Imagine that your mind is a bunch of Christmas trees. Note that I wrote, ‘imagine’. I am not claiming your mind is literally a bunch of Christmas trees, which may seem obvious but is nonetheless important, as we shall see later.
Anyway, go with it for now.
Every time you learn something new, you hang it on one of those Christmas trees. Most of the time this is not a problem. One of the trees might be something like, ‘People desire power’, and the thing you hang on it is a specific instance from history of someone seeking power. You are adding specific details to a broad idea you already hold.
This is how most learning proceeds and that is that.
However, some ideas end up on the wrong tree. You may have the right tree available but still hang it on the wrong one, or you may not even possess the right tree.
Possibly the most well-researched examples of this kind involve physics (although the idea extends to any conceptual change). For instance, our intuitive views of motion tend to be wrong. We have a tree that represents, ‘Things move because they feel a force,’ and then we hang observations onto this; observations like the motion of a football. Physics teachers instead want their students to think of moving footballs in terms of Newton’s first and second laws of motion.
Empirical data suggests that we can go to quite heroic efforts to hang things on the wrong tree. We will rationalise new observations. Even attempts to induce ‘cognitive conflict’ by demonstrating that a particular observation is inconsistent with a particular tree tend to be twisted into compatibility. If I point out that nothing is pushing a football through the air, you might decide there is some residual force still left over from the kicking foot.
And yet we do, rarely, manage to change our understandings of concepts and so there must be some mechanism by which this is possible.
Stellan Ohlsson has developed a theory to explain what is going on and I’ve already been using it in this post. In his view, we collect specific bits of knowledge, observations, beliefs and so on under different theories – my Christmas trees. The theories do not have to agree with each other and the specific bits of knowledge are not logical consequences of the theory. Instead, when we encounter something new, we look for the best theory to hang it under. These need to be locally coherent, but nothing more. We simply lack a system for going through each item and checking its logical consistency.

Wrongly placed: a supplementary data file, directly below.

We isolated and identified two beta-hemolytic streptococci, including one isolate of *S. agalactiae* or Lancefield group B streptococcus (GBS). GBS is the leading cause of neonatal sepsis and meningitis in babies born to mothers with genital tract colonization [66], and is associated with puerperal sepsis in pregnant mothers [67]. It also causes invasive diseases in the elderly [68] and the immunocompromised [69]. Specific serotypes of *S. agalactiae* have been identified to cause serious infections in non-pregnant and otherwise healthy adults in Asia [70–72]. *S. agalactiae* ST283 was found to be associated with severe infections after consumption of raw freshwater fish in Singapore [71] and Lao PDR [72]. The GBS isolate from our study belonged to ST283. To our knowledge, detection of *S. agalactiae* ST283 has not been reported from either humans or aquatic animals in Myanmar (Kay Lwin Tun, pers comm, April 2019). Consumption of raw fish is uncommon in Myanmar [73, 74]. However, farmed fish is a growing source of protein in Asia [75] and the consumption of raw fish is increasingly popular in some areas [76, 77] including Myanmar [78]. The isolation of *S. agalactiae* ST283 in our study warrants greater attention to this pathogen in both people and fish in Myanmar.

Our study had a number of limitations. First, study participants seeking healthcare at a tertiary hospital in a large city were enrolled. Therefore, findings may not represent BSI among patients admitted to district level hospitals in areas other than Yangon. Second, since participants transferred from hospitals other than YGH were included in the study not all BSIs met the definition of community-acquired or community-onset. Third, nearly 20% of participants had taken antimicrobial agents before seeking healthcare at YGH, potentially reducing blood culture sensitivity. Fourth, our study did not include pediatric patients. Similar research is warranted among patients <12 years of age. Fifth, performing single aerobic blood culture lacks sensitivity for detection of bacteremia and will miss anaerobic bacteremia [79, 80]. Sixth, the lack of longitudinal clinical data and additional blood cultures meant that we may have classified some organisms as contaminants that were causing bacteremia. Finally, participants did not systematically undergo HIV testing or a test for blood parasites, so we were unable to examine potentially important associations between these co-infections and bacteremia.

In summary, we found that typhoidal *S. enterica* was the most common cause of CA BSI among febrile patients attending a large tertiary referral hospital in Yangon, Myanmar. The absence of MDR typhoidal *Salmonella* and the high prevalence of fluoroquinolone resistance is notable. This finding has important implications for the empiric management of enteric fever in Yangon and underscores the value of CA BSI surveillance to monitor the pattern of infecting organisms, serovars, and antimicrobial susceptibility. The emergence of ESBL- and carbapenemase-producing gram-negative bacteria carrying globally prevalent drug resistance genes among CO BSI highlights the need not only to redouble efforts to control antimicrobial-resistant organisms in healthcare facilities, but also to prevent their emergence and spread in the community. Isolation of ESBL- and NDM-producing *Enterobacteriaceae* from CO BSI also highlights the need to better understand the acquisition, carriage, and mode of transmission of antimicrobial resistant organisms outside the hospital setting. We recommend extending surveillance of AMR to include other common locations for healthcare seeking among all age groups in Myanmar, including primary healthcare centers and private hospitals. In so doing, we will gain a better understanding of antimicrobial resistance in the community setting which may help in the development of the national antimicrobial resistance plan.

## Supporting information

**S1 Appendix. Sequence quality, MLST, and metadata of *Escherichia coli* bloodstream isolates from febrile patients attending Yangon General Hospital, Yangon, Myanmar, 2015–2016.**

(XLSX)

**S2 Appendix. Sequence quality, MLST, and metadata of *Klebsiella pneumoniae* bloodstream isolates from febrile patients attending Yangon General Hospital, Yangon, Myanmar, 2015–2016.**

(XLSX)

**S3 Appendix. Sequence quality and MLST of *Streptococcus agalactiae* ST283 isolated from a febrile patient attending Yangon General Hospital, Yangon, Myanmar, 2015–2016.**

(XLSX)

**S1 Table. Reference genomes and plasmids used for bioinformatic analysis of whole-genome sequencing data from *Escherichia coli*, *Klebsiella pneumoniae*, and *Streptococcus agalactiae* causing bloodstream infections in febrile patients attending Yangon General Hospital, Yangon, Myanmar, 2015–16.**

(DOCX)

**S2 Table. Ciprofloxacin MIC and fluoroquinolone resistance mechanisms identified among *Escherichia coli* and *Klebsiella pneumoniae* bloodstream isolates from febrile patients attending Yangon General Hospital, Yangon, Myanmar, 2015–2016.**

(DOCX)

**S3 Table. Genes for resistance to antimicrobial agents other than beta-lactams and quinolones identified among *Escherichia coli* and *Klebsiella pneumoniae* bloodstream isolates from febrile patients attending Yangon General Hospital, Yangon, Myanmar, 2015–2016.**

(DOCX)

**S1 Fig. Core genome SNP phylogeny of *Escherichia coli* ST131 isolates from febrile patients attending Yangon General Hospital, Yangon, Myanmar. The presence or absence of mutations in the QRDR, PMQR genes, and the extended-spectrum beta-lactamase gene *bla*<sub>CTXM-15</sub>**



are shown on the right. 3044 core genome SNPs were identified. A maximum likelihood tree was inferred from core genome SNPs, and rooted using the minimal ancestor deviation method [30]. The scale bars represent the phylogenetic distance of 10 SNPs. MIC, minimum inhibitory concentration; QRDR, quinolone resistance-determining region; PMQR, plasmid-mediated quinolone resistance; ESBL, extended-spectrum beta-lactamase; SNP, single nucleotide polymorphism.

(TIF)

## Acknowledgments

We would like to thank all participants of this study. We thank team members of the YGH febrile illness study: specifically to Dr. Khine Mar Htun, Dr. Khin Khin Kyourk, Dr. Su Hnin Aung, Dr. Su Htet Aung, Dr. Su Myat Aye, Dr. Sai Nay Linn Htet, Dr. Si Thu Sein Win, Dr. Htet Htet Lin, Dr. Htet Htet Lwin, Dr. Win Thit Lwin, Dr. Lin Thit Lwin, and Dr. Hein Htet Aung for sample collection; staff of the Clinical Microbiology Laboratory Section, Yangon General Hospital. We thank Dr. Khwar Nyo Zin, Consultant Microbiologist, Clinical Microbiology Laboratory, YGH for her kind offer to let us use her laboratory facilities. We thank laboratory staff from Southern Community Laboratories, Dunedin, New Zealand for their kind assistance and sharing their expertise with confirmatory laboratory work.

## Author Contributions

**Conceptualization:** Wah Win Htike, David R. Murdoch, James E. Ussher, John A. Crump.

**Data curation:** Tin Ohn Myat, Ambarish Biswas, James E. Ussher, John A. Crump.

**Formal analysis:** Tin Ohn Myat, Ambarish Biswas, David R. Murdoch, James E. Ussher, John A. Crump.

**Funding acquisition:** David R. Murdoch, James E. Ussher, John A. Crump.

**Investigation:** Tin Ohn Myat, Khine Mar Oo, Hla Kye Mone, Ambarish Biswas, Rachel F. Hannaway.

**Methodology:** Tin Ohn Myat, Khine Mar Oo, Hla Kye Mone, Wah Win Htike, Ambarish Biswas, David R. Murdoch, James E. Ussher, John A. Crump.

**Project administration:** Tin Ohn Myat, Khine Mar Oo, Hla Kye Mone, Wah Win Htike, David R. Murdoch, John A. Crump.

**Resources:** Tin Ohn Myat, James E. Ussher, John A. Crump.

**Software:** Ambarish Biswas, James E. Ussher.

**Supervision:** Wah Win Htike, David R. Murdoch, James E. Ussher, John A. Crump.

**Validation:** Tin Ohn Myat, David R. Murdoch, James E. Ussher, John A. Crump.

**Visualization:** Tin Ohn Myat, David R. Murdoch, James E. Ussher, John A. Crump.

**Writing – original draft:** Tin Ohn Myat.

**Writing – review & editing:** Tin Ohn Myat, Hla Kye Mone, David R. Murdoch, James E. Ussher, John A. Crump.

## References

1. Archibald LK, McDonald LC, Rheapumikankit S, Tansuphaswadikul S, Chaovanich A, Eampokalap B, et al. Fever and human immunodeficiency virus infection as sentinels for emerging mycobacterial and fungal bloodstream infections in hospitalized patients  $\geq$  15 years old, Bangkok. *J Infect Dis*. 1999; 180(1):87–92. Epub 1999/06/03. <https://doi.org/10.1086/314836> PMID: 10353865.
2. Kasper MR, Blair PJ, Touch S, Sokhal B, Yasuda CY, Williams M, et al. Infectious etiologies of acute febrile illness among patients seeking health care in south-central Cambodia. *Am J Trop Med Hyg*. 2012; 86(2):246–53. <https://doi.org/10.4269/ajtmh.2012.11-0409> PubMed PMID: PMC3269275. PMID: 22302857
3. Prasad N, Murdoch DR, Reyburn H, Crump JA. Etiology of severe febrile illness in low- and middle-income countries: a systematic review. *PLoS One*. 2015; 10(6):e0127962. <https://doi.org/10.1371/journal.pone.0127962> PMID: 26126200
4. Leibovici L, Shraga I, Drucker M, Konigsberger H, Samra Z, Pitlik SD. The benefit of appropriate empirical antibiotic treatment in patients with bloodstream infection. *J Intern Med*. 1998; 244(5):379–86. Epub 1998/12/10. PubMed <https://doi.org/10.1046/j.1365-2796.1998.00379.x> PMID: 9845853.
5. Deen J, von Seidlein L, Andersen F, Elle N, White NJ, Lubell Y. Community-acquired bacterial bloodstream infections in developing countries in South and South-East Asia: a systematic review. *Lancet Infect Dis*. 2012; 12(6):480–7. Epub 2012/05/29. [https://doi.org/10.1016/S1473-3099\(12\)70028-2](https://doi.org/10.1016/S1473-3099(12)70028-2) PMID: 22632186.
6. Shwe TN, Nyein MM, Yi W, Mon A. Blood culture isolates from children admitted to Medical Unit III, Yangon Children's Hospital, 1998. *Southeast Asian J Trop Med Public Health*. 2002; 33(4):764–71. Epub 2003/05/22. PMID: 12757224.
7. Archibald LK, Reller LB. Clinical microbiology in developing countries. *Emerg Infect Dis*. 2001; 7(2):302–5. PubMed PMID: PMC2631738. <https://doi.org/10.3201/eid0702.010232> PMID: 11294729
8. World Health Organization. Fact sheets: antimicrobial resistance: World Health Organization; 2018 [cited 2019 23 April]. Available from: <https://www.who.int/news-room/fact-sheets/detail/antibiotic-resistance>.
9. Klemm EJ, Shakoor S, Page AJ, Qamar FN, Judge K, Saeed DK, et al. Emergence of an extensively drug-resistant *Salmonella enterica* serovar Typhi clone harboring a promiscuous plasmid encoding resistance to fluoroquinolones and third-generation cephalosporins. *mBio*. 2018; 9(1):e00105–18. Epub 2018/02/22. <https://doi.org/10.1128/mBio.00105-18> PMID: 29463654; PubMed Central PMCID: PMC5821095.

Ohlsson suggests that each of these bits of knowledge are subsumed under different theories. If you want to move them then you need to resubsume them under a different theory.
This is hard but not impossible. Once you have both theories available in your mind, you can start to try to hang each piece of knowledge under each theory. A process of competition begins between the two theories until with most useful one wins through. This is how conceptual change occurs: Resubsumption Theory.
Ohlsson is coy about suggesting implications for teaching, noting that other factors could be far more important in conceptual change than any implications of Resubsumption. However, he does note a few things that should give us pause for thought.
The idea of developing new ideas in supposedly ‘relevant’ contexts may be misconceived because it may lead to students hanging the new knowledge under the theories they already associate with those contexts. Instead, it may be better to first make the new theory available to the students in an abstract form such as a computer generated microworld. Instead of familiar footballs and rockets, we could develop Newton’s laws in a virtual world. Once the new theory is available in the minds of students, the process of competition and resubsumption can begin.
This is an interesting idea.
Like Cognitive Load Theory, Resubsumption derives from information processing theories that model the mind as a computer. This has led to some criticism on the basis that minds are not computers.
I do not believe that minds are computers any more than I believe that they are made of Christmas trees. But I think it’s a pretty good theory to subsume some of our findings under, for now.